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The WorkSafeNB office in Saint John. Image: © 2022 Google

WorkSafeNB lowering assessment rates for 2024

By Brad Perry Oct 10, 2023 | 6:09 AM

New Brunswick employers will see a break in their WorkSafeNB assessment rates in the new year.

The average 2024 rate has been set at $1.18 per $100 of assessable payroll, down from $1.31.

Officials said it comes amid fewer workplace incidents, improved return-to-work outcomes, and a strong funded position.

WorkSafeNB said it has achieved a funding position of 147.7 per cent, well above the target range of 115 to 125 per cent.

“As a result, a portion of the surplus has been distributed through a $0.21 credit included in the $1.18 average rate,” the Crown corporation said in a news release.

Based on currently available data, New Brunswick will now have the lowest average rate in Atlantic Canada and the second lowest in the country.

While the average rate has been set at $1.18, individual employer rates will vary based on their industry and individual safety performance.

This is the fifth consecutive decrease in assessment rates, which reached $2.65 per $100 of assessable payroll in 2019.

“The sustainability of the workers’ compensation system is based on striking and maintaining a fair balance between the needs of both workers and employers,” president and CEO Tim Petersen said in the release.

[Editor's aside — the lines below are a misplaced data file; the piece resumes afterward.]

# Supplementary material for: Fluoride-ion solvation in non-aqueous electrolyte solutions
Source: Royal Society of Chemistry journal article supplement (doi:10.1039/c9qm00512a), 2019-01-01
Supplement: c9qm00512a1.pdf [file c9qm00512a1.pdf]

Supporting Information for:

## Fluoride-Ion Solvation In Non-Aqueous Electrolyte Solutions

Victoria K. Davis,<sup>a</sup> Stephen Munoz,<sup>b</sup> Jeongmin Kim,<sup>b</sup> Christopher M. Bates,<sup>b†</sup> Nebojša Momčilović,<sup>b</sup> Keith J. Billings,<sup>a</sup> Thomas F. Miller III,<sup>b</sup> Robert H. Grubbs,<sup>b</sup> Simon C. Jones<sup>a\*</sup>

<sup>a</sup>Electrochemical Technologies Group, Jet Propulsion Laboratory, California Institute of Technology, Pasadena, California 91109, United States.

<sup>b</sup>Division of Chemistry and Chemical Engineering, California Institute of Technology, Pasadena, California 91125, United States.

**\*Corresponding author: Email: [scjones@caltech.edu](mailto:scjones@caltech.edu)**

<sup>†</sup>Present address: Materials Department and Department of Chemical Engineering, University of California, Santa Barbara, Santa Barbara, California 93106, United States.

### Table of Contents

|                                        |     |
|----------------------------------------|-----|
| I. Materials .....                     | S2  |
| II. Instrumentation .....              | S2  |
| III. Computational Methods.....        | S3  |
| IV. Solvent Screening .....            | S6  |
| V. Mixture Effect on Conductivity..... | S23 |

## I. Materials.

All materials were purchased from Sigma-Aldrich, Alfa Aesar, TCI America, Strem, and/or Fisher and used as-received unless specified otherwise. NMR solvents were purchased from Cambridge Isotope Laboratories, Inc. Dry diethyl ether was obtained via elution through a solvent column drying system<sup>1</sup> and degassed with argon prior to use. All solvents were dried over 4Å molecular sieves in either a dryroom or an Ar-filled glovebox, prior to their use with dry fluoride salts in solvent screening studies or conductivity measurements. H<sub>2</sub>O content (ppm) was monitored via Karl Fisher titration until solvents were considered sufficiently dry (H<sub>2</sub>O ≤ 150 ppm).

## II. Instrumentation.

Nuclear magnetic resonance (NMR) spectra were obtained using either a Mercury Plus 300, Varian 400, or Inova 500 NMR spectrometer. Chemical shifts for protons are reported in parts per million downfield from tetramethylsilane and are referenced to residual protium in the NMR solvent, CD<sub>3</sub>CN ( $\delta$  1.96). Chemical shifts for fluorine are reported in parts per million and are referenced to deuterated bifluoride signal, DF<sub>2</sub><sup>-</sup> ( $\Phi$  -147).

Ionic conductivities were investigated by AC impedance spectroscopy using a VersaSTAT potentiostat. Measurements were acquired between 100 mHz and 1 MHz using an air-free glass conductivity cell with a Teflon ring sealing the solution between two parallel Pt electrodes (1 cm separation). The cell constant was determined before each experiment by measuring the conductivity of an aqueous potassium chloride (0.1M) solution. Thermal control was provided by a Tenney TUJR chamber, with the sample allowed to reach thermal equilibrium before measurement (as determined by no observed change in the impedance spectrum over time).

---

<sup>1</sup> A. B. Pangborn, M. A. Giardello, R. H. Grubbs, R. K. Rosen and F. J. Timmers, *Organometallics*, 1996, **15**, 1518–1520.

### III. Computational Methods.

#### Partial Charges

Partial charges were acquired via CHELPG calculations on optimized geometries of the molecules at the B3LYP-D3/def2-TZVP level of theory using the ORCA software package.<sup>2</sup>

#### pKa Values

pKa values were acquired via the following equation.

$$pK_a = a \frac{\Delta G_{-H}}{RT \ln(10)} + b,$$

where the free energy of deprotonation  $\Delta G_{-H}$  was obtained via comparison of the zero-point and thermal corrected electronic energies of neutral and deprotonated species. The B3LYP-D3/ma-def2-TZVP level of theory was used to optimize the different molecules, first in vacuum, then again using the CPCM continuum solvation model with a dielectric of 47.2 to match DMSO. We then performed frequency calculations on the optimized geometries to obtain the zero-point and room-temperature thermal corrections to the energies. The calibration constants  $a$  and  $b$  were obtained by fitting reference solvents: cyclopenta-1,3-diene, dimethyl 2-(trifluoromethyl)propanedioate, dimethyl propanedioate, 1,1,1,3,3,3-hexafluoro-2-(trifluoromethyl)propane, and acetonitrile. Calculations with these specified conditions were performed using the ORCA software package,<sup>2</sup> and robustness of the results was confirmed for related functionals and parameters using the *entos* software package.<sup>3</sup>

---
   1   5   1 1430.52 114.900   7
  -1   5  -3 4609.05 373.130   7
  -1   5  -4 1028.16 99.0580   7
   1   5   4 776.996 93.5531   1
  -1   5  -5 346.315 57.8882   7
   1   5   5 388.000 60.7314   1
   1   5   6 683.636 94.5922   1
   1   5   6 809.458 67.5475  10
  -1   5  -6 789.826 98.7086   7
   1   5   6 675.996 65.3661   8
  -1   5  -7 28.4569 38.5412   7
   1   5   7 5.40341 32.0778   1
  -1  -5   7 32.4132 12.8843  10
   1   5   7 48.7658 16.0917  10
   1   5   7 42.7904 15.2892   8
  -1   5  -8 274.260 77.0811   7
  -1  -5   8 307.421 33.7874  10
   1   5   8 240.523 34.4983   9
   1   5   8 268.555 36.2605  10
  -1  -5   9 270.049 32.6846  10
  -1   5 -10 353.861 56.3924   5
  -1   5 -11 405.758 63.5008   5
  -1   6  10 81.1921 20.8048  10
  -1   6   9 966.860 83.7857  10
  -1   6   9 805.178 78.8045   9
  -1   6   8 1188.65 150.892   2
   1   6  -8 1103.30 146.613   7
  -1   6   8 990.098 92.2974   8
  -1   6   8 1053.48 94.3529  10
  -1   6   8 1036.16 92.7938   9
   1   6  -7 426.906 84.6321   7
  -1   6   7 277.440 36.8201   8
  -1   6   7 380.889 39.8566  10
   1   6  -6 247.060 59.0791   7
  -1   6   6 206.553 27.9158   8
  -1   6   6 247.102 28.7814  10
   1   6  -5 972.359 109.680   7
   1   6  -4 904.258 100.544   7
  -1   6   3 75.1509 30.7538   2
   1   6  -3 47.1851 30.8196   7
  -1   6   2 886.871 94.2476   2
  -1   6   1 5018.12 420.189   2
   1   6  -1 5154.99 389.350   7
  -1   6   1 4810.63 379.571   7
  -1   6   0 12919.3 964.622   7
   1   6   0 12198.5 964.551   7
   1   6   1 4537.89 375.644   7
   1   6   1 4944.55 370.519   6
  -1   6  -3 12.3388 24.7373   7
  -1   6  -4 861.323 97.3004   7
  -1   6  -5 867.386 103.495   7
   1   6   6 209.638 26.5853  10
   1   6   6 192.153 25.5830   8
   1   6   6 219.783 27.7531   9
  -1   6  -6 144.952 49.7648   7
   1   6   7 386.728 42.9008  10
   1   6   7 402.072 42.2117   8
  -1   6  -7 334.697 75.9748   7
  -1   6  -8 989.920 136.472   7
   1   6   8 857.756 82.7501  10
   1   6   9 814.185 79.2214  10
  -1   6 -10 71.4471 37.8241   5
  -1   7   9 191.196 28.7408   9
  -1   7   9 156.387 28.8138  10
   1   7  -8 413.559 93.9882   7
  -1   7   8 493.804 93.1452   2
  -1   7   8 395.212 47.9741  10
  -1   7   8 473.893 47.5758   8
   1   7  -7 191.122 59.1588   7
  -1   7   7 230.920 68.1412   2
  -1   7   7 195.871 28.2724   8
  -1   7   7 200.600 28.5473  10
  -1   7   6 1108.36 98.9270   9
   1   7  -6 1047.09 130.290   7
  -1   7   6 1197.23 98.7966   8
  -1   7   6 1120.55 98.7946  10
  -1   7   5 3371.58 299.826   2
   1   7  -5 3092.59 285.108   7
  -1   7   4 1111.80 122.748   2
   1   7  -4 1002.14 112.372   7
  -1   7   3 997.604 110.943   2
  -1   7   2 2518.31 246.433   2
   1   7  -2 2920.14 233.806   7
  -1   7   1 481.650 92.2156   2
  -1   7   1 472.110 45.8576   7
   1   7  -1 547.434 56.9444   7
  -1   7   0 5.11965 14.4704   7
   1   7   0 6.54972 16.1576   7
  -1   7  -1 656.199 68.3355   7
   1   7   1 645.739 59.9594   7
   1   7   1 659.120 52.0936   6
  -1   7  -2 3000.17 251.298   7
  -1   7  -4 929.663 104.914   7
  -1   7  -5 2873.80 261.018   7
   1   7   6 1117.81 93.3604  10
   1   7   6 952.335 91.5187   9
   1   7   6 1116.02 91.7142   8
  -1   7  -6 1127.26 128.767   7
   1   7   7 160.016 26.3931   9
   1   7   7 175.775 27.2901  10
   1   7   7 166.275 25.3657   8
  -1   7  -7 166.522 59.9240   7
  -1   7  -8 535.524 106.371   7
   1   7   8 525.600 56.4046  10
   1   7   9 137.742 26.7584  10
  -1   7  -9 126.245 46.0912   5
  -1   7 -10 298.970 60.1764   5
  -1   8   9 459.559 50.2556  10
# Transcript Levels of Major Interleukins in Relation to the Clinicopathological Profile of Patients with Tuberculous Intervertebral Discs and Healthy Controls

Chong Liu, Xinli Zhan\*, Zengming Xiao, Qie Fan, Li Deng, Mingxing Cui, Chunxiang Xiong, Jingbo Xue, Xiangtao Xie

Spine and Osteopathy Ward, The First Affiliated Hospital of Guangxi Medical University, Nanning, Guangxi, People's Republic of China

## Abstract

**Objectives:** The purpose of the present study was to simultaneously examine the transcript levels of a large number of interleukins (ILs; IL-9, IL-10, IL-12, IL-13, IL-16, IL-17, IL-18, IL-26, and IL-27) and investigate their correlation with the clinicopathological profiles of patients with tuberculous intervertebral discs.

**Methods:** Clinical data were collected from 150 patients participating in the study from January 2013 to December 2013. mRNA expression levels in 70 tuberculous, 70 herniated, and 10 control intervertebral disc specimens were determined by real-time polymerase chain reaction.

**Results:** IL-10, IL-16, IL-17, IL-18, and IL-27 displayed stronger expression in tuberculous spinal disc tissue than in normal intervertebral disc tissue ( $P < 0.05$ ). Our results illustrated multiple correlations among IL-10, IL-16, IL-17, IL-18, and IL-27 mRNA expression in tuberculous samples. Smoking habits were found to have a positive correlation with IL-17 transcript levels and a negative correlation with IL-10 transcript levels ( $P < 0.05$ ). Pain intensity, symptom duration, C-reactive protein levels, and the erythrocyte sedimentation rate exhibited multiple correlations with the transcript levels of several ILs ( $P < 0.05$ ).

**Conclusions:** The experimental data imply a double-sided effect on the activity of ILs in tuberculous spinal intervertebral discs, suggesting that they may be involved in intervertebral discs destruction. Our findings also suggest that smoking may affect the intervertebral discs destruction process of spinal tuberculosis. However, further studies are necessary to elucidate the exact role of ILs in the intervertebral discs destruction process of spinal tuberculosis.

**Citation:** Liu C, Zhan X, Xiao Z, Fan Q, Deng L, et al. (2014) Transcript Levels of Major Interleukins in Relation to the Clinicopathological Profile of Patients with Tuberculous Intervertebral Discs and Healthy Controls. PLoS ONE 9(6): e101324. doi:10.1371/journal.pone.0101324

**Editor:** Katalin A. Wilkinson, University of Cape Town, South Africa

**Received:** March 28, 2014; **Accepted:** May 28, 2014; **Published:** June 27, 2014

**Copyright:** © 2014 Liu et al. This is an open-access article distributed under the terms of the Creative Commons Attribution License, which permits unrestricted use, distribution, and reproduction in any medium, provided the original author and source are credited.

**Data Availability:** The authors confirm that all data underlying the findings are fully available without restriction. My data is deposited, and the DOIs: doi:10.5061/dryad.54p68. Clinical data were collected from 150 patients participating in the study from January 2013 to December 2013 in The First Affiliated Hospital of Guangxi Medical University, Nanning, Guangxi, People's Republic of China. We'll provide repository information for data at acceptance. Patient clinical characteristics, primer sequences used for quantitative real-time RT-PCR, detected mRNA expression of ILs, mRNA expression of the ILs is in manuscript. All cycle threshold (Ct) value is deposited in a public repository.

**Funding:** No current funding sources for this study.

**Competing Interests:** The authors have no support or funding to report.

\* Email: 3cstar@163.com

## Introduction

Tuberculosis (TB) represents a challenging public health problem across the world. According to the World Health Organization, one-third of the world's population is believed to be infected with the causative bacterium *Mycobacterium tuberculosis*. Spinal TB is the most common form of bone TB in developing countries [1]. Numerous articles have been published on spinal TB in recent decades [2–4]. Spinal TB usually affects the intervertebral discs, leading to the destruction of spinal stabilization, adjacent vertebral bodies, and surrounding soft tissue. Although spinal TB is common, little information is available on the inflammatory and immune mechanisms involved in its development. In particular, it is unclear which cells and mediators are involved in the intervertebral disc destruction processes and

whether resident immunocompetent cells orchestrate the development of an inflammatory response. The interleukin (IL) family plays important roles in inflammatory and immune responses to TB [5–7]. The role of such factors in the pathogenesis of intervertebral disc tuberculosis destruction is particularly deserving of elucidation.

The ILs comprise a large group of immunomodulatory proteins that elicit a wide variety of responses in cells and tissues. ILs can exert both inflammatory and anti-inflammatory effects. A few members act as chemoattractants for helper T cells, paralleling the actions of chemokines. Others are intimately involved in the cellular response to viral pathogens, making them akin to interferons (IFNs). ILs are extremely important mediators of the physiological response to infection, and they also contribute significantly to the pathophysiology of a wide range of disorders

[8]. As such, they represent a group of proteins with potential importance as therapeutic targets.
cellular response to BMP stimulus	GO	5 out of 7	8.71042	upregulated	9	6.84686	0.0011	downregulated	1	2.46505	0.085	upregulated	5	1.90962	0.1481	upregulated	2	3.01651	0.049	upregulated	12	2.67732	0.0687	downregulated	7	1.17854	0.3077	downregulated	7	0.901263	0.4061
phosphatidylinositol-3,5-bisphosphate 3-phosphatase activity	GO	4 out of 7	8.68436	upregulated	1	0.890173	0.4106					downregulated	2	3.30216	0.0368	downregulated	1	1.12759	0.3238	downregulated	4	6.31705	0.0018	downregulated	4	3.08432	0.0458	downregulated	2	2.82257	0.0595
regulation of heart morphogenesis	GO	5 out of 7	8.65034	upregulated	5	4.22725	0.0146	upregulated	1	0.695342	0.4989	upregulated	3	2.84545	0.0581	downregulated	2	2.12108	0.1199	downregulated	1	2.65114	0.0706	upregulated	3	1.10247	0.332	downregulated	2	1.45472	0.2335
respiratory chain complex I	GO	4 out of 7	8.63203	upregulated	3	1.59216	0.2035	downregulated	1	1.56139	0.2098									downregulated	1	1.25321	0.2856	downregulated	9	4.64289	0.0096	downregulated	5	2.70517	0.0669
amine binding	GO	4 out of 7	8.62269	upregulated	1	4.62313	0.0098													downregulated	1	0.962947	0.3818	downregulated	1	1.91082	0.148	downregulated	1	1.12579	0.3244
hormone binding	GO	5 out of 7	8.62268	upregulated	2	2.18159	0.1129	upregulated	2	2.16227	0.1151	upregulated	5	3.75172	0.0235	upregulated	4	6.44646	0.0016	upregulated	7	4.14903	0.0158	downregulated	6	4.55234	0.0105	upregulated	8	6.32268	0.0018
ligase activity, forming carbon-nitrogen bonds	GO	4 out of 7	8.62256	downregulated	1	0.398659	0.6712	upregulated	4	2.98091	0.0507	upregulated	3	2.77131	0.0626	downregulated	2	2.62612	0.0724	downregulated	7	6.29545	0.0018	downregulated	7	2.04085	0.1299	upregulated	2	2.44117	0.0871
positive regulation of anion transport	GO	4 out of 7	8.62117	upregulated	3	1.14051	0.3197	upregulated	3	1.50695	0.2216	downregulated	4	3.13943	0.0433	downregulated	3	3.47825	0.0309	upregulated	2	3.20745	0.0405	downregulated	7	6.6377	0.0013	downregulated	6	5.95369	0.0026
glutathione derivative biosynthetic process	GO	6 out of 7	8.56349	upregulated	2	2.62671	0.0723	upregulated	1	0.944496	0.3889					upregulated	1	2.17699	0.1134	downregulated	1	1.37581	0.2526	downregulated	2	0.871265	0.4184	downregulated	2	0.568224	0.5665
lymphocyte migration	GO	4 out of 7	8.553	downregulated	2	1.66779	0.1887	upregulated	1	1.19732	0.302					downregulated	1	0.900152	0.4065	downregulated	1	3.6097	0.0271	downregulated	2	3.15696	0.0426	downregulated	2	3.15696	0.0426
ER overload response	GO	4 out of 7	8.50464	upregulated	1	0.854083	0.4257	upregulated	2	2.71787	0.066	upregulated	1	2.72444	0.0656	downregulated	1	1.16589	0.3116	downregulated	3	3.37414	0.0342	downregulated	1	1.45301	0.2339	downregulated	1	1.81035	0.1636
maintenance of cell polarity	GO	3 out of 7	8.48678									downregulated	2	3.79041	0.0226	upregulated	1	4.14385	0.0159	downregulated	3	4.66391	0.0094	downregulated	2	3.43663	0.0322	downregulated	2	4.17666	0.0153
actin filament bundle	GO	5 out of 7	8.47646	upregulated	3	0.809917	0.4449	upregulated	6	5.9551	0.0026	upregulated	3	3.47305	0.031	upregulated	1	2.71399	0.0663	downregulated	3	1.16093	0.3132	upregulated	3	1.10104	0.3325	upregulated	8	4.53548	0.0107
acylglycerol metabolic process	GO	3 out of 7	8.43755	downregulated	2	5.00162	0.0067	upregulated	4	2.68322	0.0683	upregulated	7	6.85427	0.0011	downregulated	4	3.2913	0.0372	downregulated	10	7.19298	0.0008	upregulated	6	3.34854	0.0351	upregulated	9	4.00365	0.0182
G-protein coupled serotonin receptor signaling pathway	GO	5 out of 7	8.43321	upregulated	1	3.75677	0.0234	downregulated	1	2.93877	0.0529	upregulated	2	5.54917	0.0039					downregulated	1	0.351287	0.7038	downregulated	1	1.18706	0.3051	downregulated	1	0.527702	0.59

“Reducing the average assessment rate while improving benefits further realizes this goal – the best possible benefits for injured workers and their families, while maintaining fair and affordable rates for employers.”

The rate reduction comes as WorkSafeNB pushes to raise the loss of earning benefit from 85 to 90 per cent and increase the maximum annual earnings threshold.

The Crown corporation is also looking to reduce the rate charged to fund the Firefighters’ Compensation Act’s disability fund from $360 to $220 per firefighter.

Consultations expected to be launched in 2024 will explore expanding the list of cancers covered under a presumption clause for firefighters to align with other Canadian jurisdictions.